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FOR IMMEDIATE RELEASE
 
Media Contact:
Ron Harris
Director of Communications
Office of University Communications
202.683.0182
rjharris@howard.edu
 

British Education Secretary Seeks Answers at Howard University Middle School

WASHINGTON (March 17) – Michael Gove, secretary of state for Education for the United Kingdom, will visit Howard University Middle School of Mathematics and Science (MS)² Friday to review its programs as a possible model for science, technology, engineering and mathematics education in public schools in his country.

Gove is in the country for meetings at the United Nations in New York, but he is making a stop in Washington to meet with school officials from 2:30 p.m. to 4:30 p.m. after hearing about the program from British education experts.

His meeting follows a review of the school’s programs by representatives from the World Bank in the Spring of 2010 and meetings by British education officials with Hassan Minor, Ph.D., founding director of the school and Howard University senior vice president for Strategic Planning and External Affairs.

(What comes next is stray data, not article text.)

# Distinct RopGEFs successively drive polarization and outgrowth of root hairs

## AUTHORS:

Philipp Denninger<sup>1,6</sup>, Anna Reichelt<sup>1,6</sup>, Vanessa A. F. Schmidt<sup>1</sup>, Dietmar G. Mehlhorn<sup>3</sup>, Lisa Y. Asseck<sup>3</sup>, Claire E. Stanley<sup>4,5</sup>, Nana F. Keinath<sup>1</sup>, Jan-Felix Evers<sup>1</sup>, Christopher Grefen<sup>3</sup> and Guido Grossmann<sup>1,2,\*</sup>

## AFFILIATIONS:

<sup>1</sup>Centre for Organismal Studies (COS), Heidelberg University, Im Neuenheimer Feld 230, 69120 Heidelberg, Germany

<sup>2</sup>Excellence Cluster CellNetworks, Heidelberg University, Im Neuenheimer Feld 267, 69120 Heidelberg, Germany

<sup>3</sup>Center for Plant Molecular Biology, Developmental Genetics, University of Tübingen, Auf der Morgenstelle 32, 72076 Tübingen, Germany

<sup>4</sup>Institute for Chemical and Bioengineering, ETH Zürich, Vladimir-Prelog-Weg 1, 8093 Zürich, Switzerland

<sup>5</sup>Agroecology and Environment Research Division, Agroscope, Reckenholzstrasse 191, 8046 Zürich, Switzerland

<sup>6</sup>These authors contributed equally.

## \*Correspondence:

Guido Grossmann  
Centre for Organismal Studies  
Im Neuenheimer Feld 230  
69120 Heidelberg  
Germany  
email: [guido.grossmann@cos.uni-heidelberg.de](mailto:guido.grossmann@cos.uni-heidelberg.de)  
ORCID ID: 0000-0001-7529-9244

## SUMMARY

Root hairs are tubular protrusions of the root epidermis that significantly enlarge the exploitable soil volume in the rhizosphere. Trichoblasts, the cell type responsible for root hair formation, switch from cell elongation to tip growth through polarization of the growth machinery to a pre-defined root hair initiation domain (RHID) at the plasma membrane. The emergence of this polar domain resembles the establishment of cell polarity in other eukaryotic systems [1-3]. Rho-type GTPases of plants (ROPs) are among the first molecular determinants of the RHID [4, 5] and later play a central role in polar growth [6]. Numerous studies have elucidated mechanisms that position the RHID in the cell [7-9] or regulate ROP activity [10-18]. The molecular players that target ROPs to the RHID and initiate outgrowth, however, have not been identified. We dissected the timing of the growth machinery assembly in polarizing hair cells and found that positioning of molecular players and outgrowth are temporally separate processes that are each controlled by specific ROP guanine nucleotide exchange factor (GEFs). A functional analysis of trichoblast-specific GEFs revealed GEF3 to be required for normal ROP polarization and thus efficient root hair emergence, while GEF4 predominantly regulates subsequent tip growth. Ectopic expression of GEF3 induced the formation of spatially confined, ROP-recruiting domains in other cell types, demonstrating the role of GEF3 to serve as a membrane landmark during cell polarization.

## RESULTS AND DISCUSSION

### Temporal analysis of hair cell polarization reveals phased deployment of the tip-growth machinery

Gove joins a number of education experts and others who have visited the school to see its programs, including U.S. Secretary of Education Arne Duncan and the heads of numerous Fortune 500 companies. Its students, who consistently record extremely high test scores, have received numerous regional and national honors.

Earlier this month, Google awarded the school a $250,000 grant to build a computer automated design and manufacturing laboratory. Students will use the new “Fab Lab” to construct prototypes of their own inventions.

As British education secretary, Gove has introduced the Academies Act, which has given hundreds more state schools new powers to innovate. He has also reformed school funding, introducing a pupil premium to give more money to poorer students and reformed nursery education to extend pre-school teaching to more children.

He is introducing further reforms to education in England to recruit more top graduates to teach in disadvantaged areas, allow more new schools to open in areas of educational need, raise the quality of math and science instruction, provide parents and teachers with better data on school performance and improve the curriculum and exams so they match the world’s best.

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